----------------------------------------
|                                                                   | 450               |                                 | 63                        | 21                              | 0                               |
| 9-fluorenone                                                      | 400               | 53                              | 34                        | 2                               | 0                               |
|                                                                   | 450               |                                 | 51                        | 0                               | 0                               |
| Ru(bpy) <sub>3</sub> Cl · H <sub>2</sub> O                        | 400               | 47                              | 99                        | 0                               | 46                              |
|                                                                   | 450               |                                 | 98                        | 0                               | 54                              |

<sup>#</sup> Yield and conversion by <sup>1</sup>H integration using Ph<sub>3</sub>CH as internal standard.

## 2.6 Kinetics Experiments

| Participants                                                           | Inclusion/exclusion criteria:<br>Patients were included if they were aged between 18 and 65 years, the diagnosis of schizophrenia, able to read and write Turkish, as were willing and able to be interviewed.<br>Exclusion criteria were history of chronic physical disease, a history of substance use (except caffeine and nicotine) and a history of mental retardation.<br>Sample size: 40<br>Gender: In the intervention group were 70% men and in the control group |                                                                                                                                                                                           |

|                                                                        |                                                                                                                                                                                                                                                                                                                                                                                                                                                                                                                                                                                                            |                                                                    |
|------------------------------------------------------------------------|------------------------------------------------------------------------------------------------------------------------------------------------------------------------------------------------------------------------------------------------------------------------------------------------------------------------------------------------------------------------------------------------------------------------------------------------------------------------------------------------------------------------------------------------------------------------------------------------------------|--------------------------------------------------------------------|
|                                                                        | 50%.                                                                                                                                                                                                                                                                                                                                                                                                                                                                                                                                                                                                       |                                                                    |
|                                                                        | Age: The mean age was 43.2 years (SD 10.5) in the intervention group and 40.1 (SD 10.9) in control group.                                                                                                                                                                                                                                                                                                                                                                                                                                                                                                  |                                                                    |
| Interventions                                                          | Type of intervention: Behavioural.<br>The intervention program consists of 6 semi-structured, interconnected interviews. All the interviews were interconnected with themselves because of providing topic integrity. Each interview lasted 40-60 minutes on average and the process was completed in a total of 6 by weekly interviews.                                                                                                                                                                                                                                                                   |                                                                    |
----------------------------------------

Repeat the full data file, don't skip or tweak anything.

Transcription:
|                                                                   | 450               |                                 | 63                        | 21                              | 0                               |
| 9-fluorenone                                                      | 400               | 53                              | 34                        | 2                               | 0                               |
|                                                                   | 450               |                                 | 51                        | 0                               | 0                               |
| Ru(bpy) <sub>3</sub> Cl · H <sub>2</sub> O                        | 400               | 47                              | 99                        | 0                               | 46                              |
|                                                                   | 450               |                                 | 98                        | 0                               | 54                              |

<sup>#</sup> Yield and conversion by <sup>1</sup>H integration using Ph<sub>3</sub>CH as internal standard.

## 2.6 Kinetics Experiments

| Participants                                                           | Inclusion/exclusion criteria:<br>Patients were included if they were aged between 18 and 65 years, the diagnosis of schizophrenia, able to read and write Turkish, as were willing and able to be interviewed.<br>Exclusion criteria were history of chronic physical disease, a history of substance use (except caffeine and nicotine) and a history of mental retardation.<br>Sample size: 40<br>Gender: In the intervention group were 70% men and in the control group |                                                                                                                                                                                           |

|                                                                        |                                                                                                                                                                                                                                                                                                                                                                                                                                                                                                                                                                                                            |                                                                    |
|------------------------------------------------------------------------|------------------------------------------------------------------------------------------------------------------------------------------------------------------------------------------------------------------------------------------------------------------------------------------------------------------------------------------------------------------------------------------------------------------------------------------------------------------------------------------------------------------------------------------------------------------------------------------------------------|--------------------------------------------------------------------|
|                                                                        | 50%.                                                                                                                                                                                                                                                                                                                                                                                                                                                                                                                                                                                                       |                                                                    |
|                                                                        | Age: The mean age was 43.2 years (SD 10.5) in the intervention group and 40.1 (SD 10.9) in control group.                                                                                                                                                                                                                                                                                                                                                                                                                                                                                                  |                                                                    |
| Interventions                                                          | Type of intervention: Behavioural.<br>The intervention program consists of 6 semi-structured, interconnected interviews. All the interviews were interconnected with themselves because of providing topic integrity. Each interview lasted 40-60 minutes on average and the process was completed in a total of 6 by weekly interviews.                                                                                                                                                                                                                                                                   |                                                                    |